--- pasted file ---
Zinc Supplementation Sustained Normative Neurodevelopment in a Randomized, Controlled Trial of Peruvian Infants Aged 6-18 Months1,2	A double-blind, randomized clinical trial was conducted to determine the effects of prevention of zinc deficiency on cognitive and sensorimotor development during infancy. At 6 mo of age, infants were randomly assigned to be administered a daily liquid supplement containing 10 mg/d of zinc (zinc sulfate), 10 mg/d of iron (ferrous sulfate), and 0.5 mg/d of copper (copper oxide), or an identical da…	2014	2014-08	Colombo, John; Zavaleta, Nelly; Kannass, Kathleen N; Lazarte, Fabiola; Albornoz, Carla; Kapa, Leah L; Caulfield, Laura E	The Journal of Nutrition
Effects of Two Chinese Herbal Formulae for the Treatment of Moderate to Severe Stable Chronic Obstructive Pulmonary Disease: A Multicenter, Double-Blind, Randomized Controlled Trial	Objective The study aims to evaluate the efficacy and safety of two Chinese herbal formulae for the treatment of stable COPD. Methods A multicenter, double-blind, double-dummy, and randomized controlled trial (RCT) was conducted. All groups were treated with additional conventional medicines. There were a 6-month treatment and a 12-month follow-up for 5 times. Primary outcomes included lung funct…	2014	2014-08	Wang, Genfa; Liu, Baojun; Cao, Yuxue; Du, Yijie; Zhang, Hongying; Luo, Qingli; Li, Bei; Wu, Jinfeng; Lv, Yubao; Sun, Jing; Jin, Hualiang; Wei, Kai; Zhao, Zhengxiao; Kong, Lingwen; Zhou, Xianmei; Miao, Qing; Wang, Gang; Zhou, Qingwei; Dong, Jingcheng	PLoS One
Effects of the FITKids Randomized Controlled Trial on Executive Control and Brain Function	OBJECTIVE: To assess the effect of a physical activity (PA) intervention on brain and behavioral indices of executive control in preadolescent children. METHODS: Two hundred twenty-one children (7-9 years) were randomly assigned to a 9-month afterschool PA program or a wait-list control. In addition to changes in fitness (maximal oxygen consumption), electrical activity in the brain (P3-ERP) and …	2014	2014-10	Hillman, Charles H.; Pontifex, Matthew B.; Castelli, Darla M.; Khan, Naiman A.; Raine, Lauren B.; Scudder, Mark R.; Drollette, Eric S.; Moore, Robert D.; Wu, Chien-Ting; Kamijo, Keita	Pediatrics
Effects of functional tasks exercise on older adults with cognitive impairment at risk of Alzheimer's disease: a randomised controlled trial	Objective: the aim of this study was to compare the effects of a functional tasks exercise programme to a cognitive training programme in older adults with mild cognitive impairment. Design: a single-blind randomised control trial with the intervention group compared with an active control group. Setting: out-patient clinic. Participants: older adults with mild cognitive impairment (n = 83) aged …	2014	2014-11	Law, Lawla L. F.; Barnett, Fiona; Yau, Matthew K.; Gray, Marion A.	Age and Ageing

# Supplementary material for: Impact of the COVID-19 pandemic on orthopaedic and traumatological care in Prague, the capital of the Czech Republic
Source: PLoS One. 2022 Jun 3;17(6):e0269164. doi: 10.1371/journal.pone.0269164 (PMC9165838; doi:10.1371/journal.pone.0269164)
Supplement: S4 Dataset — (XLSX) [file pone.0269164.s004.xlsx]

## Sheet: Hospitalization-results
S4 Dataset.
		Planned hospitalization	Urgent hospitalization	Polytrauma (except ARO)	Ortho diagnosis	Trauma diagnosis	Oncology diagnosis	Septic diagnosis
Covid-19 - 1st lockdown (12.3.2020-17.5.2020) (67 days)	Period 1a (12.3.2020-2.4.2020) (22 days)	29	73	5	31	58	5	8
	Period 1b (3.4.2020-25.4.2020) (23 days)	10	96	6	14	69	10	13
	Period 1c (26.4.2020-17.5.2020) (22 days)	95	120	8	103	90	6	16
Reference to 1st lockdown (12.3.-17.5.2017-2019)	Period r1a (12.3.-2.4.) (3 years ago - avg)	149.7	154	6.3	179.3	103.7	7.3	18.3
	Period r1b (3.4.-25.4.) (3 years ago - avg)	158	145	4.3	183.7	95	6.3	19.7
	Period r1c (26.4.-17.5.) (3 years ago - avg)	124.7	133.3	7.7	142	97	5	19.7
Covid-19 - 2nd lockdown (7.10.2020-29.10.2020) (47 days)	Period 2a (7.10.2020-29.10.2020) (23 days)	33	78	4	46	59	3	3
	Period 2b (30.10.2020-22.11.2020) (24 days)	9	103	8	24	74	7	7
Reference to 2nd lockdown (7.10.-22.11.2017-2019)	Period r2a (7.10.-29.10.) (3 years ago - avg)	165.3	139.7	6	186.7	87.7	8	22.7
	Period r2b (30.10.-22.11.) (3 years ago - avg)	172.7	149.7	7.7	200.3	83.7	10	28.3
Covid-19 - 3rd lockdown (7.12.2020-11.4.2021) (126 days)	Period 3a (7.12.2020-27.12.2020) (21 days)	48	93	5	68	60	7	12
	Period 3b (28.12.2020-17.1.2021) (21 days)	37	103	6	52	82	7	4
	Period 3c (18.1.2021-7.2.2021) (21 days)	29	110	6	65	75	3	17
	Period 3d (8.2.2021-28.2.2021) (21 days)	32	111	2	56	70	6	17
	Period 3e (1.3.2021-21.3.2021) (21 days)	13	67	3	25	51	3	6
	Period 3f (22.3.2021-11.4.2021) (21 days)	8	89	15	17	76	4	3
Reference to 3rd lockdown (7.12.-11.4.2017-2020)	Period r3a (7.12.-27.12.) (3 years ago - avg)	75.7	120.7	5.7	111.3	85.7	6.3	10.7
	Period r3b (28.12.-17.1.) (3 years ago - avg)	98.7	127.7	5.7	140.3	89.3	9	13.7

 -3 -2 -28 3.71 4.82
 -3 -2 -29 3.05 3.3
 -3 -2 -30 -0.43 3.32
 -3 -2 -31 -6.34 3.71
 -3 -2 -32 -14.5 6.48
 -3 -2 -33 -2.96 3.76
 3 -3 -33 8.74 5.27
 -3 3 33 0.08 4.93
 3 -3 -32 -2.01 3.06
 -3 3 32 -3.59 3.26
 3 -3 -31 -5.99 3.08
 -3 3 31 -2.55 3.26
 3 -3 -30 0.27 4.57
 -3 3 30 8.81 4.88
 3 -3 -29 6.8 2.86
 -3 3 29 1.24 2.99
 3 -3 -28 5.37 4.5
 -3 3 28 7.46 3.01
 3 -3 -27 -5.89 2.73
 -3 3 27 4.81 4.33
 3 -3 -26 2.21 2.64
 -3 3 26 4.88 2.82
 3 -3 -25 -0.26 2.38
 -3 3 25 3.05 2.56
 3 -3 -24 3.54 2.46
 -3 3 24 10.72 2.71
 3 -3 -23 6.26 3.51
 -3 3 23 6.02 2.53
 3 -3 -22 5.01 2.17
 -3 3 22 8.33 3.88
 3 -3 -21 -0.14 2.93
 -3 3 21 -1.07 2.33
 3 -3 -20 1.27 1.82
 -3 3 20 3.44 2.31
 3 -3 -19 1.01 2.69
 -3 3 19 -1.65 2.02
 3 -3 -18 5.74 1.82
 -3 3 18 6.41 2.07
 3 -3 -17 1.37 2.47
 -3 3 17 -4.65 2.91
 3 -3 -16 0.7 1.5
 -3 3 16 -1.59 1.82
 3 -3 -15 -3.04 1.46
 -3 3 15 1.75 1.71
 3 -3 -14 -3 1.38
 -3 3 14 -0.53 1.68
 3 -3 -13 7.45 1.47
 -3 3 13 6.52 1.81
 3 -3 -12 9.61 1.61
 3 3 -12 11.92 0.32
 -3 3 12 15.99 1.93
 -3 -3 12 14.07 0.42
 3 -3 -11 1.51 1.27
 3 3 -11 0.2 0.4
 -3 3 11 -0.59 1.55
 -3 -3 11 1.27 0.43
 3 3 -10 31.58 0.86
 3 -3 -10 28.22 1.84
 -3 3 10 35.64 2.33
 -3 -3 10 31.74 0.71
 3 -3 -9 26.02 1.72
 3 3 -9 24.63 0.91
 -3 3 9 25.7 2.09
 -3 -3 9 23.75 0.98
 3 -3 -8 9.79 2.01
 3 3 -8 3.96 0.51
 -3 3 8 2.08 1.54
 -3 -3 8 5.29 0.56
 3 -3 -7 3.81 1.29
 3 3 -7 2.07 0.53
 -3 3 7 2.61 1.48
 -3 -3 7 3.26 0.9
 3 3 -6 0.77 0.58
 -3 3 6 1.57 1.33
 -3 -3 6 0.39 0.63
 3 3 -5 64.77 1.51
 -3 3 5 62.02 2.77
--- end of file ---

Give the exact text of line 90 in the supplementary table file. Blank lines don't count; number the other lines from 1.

 3 3 -9 24.63 0.91